The force F can be expressed as ()
The total energy decrease is =V
act
where V
act
is the activation volume (similar to
atomic volume)
The net rate of atoms moving in a specified
direction is expressed as
(

|
.
|

\
|

|
.
|

\
|

= =

kT
V U
kT
U
J J J
act
L R R L net

exp exp
Reaction Rate Model
This model assumes a stress-independent viscosity is
directly related to the diffusion activation energy at high
temperatures. The flow process is associated with
activation energy due to atomic jump.
At low temperatures and/or high stresses, the viscosity
increases with stress.
When V
act
is much greater than KT, increases
linearly with the stress. Activation energy is about the
same.
This model works well at high temperatures and low
stresses in amorphous materials.
This model is well suited for liquid materials such as
gases and liquids having low viscosities (at high
temperatures and low stresses)
Viscous Flow in Amorphous
Materials
Free Volume Model
The proportionality constant () depends
on the probability of an open volume in the
vicinity of an atom (or molecule) that is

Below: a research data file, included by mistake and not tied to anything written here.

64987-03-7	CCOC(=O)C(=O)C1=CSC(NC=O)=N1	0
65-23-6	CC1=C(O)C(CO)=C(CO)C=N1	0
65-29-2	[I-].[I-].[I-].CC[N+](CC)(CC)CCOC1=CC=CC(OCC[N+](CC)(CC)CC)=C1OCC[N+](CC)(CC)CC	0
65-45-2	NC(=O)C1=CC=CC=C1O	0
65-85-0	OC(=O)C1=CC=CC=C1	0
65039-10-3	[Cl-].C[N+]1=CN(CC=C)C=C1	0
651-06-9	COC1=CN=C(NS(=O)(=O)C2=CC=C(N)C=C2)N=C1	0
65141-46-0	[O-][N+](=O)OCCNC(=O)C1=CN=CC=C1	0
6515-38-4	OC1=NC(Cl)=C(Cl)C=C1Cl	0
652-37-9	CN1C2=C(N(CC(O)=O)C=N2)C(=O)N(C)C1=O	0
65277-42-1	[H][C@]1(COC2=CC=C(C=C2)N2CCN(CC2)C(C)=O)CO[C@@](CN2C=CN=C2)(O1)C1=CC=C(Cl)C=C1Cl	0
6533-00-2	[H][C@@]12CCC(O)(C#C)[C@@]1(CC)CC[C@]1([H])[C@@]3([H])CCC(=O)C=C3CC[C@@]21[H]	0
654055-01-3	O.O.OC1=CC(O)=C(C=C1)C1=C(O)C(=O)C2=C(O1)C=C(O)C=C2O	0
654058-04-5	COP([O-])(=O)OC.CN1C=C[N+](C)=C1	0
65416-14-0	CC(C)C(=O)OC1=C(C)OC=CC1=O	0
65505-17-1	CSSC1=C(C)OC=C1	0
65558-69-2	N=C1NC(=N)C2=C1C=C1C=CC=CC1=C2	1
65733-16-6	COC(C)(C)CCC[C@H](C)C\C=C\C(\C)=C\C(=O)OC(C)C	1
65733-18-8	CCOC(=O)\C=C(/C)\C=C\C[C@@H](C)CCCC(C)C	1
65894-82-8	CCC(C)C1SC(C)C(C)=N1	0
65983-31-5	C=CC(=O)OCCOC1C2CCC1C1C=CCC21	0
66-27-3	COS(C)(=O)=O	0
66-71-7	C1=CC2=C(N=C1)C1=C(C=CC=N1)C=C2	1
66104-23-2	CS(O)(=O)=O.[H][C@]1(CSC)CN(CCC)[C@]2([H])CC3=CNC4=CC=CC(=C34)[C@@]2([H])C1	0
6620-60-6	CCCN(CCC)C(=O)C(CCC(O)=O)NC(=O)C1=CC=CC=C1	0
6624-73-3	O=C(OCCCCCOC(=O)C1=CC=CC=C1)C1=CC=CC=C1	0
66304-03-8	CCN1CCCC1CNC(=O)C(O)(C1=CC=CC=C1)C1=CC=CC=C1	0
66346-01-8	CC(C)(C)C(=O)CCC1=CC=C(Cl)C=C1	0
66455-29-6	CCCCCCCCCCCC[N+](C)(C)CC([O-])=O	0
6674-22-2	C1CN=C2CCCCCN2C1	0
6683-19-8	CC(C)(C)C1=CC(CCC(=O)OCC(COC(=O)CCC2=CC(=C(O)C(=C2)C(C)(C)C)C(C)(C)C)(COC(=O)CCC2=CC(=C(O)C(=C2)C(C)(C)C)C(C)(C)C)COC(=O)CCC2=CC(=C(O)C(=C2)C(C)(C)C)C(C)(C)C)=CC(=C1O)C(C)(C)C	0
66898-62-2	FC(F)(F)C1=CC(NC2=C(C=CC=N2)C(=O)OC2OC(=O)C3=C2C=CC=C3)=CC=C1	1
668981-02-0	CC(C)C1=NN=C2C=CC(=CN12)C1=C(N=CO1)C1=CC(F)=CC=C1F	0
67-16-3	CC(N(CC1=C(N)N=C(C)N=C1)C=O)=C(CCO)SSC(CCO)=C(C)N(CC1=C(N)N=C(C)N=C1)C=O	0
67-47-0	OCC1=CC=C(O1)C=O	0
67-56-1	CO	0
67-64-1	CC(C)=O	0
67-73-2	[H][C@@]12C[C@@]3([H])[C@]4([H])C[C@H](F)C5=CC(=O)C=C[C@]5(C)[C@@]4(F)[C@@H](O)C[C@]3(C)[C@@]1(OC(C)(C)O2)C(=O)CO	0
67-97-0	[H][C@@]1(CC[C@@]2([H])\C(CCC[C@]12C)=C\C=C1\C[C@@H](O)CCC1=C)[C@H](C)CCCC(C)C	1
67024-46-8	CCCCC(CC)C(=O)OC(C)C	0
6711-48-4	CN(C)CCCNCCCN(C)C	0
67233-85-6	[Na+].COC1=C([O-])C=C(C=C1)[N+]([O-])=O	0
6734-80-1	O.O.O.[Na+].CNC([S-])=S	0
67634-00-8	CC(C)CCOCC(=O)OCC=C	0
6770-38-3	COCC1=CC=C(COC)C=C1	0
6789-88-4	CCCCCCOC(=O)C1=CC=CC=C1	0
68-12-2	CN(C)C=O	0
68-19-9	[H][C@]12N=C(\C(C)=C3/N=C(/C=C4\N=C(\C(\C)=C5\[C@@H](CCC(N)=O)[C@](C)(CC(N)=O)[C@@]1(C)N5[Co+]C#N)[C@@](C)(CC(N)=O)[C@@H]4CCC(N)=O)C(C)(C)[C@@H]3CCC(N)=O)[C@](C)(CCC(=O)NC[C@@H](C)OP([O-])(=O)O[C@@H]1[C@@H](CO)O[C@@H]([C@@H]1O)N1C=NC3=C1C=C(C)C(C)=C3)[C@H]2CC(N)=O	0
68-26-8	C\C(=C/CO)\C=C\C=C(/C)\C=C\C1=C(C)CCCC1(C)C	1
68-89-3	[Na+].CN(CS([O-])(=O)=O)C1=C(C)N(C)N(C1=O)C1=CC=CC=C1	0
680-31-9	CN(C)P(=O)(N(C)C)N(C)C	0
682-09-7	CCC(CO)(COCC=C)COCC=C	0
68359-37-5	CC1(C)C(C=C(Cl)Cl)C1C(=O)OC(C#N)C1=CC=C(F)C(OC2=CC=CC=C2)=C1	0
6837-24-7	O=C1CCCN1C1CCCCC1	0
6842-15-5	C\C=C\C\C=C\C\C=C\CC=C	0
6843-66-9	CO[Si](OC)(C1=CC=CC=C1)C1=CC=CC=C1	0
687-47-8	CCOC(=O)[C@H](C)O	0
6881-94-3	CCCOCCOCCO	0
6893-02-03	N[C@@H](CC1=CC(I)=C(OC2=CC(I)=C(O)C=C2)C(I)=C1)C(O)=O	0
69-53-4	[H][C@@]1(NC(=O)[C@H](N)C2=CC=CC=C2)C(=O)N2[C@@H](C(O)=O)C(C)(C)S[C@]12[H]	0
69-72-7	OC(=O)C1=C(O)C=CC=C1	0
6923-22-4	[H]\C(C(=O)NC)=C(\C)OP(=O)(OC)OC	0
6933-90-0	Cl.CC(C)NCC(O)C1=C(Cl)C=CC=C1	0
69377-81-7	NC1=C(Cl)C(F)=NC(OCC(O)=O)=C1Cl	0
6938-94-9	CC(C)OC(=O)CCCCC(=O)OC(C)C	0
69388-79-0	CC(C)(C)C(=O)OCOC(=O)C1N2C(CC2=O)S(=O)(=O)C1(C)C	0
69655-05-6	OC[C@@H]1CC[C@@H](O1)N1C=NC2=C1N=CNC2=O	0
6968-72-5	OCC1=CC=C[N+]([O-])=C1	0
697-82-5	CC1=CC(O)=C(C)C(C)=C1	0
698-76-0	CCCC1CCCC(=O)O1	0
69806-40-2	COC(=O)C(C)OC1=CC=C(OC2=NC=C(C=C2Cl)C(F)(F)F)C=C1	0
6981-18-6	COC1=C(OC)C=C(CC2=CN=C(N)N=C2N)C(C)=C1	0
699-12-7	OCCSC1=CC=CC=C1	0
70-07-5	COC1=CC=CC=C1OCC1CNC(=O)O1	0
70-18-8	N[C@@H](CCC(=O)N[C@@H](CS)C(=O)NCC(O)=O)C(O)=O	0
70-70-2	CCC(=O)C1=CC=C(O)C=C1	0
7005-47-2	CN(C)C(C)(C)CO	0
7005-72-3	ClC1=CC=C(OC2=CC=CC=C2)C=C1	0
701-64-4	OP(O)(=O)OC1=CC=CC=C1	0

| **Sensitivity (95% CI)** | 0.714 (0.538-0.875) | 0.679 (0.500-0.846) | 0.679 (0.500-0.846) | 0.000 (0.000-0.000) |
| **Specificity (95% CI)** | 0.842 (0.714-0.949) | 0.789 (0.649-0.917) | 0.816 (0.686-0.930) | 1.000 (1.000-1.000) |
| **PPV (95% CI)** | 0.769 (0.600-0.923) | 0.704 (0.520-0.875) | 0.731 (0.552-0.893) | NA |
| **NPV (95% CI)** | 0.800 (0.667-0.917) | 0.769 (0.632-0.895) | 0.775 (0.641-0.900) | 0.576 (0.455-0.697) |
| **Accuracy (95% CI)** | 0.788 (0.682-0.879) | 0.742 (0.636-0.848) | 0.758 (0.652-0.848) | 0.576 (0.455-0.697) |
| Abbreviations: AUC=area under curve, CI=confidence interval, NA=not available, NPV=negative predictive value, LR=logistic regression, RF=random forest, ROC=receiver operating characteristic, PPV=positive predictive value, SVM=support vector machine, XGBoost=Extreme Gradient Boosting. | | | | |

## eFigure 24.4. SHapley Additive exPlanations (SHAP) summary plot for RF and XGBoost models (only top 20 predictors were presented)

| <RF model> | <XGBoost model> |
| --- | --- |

ready to move affected by an applied
stress.
Thermal activation will create changes in
local volume (reaction rate model)
Strain Components in Silicate
Glass
bt
v
=
Deformation of Metallic Glasses
What is metallic glass?
Metals are produced in the amorphous
state using extremely rapid cooling rates
Metallic glasses offer excellent mechanical
properties: similar bulk modulus (K), lower
tensile modulus, but much higher UTS
than crystalline counterparts
The deformation process is affected by
temperature, stress and strain rate.
This is a
deformation
mechanism map
Three distinct
regions: elastic,
viscoelastic and
viscous regions
Heterogeneous
deformation at
high stress and
low temperature
Homogeneous
deformation at
low stress and
low temperature
At high
stresses and
low
temperatures,
permanent
deformation is
associated
with shear
bands.
Von Misses Yield Criterion
Shear bands are initiated by both stress and
temperature.
The yielding criterion can be expressed as
3
) (
] ) ( ) ( ) [(
6
1
3 2 1
2 / 1 2
3 1
2
3 2
2
2 1



+ +
=
+
= + +
P
p s
s
Y P
Y
Crazing
Glassy polymers are deformed by forming shear
bands in the compression area
Deformation in the tension side will develop
necking phenomenon
Crazing is promoted by a positive dilatory stress
(stress/atomic volume)
The principal stress required to initiate craze
yielding decreases as the 2
nd
principal stress
increases (biaxial loading)
Craze yield criterion is expressed as
constants ure temeperat are D(T) and C(T) where
) (
) (
min max
P
T D
T C + =
Two Yielding Criteria
Summary
Viscous flow is due to permanent
displacement of atoms in different locations
within the material.
Glass transition temperature is an
important factor to the deformation in non-
crystalline material.
Stress, temperature and free volume are
key factors to a deformation mechanism.
Shear band is another deformation
mechanism in non-crystalline material
crazing.